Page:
1. Corker will run for President.
2. He has proven himself to be incredibly effective as a politician, both in getting what he wants and in putting a positive spin on it. If only Reid had half his skill, the Democratic minority, and majority, might actually have accomplished something these past years. But Conservative commitment to their goals remains much stronger than Democratic commitments to their values. And Ron Gettelfinger is vastly outgunned and out maneuvered by Corker and, quite frankly, does not know how to sell his case. (He continually talks in generalities rather than in the specifics that would strengthen his case).
3. What makes him effective? He clothes his ideological rigidity in a combination of southern charm and seeming reasonableness.
4. What did Corker do that was so effective? First, he put the blame squarely on the shoulders of the UAW by insisting that only 3 words stood between success and failure. And to him, of course, those 3 words were reasonable. He also lied in his news conference, something easy to do because our media don't bother to watch C-SPAN. In the interview I saw on C-SPAN, he insisted that "any date certain" would have been fine. On the floor, he insisted on a date in 2009. In the caucus, apparently, he had insisted on Mar. 31, 2009. And it was "parity" not "competitive" that I heard on the floor. It didn't occur to any of his interviewers to suggest that if it was "only 3 words", he could have ceded. After all, that's what bargaining is: give and take. There were, to him, three key provisions. The UAW accepted the others. But 2 out of 3 wasn't good enough. So Corker essentially told the UAW that "it's my way or the highway", and he sold it in such a way that nobody realized that he, not the UAW, was even more guilty of refusing to bend.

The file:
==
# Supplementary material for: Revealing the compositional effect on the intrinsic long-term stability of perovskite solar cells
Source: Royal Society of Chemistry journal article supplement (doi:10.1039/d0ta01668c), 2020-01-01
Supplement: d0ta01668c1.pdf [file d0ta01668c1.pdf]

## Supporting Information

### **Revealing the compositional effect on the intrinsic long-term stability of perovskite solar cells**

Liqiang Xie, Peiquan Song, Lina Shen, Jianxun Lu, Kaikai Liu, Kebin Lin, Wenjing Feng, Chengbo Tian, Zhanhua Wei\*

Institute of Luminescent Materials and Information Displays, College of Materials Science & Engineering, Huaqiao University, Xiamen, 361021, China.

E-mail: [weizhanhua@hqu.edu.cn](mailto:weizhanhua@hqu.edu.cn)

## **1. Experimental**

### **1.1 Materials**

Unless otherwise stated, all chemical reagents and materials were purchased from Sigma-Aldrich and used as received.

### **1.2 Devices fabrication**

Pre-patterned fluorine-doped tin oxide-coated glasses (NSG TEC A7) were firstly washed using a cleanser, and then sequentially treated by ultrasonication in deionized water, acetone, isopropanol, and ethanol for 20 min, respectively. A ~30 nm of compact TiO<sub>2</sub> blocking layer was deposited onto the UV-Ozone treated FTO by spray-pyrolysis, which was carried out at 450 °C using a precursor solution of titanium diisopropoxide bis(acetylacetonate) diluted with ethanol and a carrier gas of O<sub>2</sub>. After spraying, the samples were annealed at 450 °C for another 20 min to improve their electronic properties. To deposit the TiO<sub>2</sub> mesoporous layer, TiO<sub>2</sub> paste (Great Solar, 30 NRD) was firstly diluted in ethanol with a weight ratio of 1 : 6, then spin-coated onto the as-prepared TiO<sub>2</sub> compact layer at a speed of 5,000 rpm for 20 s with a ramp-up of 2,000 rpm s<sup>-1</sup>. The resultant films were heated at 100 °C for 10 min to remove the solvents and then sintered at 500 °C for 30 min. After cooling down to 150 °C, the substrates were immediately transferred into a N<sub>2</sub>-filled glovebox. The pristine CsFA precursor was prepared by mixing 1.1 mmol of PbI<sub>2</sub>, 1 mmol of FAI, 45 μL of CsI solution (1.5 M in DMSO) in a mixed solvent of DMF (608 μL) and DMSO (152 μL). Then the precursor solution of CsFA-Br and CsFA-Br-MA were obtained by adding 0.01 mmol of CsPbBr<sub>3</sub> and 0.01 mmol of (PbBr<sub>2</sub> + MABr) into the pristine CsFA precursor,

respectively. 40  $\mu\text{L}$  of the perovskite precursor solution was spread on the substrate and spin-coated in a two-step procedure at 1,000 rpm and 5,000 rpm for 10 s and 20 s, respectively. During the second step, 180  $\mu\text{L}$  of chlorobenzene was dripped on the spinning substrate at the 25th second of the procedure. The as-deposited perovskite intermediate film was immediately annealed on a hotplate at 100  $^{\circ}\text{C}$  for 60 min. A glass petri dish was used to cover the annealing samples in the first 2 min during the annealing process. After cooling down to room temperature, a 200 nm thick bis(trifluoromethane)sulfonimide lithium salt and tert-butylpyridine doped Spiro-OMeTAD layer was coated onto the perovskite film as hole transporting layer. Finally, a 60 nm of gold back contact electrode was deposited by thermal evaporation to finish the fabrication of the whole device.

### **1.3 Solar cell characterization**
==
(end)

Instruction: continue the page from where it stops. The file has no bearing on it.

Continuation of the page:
Corker and his fellow Southern Senators made clear during the hearings, which I also watched on C-SPAN ( again, something that nobody at CNN or MSNBC or NBC apparently ever thinks to do)), that they opposed bailouts in general and this one in particular. Corker was forceful in his opinion that Chrysler was just waiting to be bought (rather obviously true) and that GM was doomed to fail. Give him credit for being one of the few Senators/Reps. in the hearings who realized that Ford did not need a loan but simply a line of credit and, then, only in case the recession was even worse than anticipated or one of the other companies failed.
I suspect that those "3 words" were added specifically so the Republicans could torpedo the legislation and blame it on the UAW. And Corker has pretty much succeeded in both objectives. Which is why he is somebody that Democrats should both fear and emulate.
What else was Corker able to do? He was able to laugh at the idea of a "Car Czar" while at the same time taking upon himself the role of a "Car Czar" and a bankruptcy judge. Corker turned himself into judge and jury. He alone understands the reality and he alone knows the solutions. For a man who, at other times, argues strongly against Government micro-management of business (esp. when it comes to environmental matters), that is exactly what he did. And our useless media, of course, let him get away with it.
One last thing: he managed to hide the fact that his plan required GM and Chrysler to prove their viability in 3 months. Given the state of the economy, that is incredibly unrealistic. It was just another way to ensure that GM and Chrysler would fail - and the failure would be seen to be theirs alone, not something helped along the way by the Southern Republicans.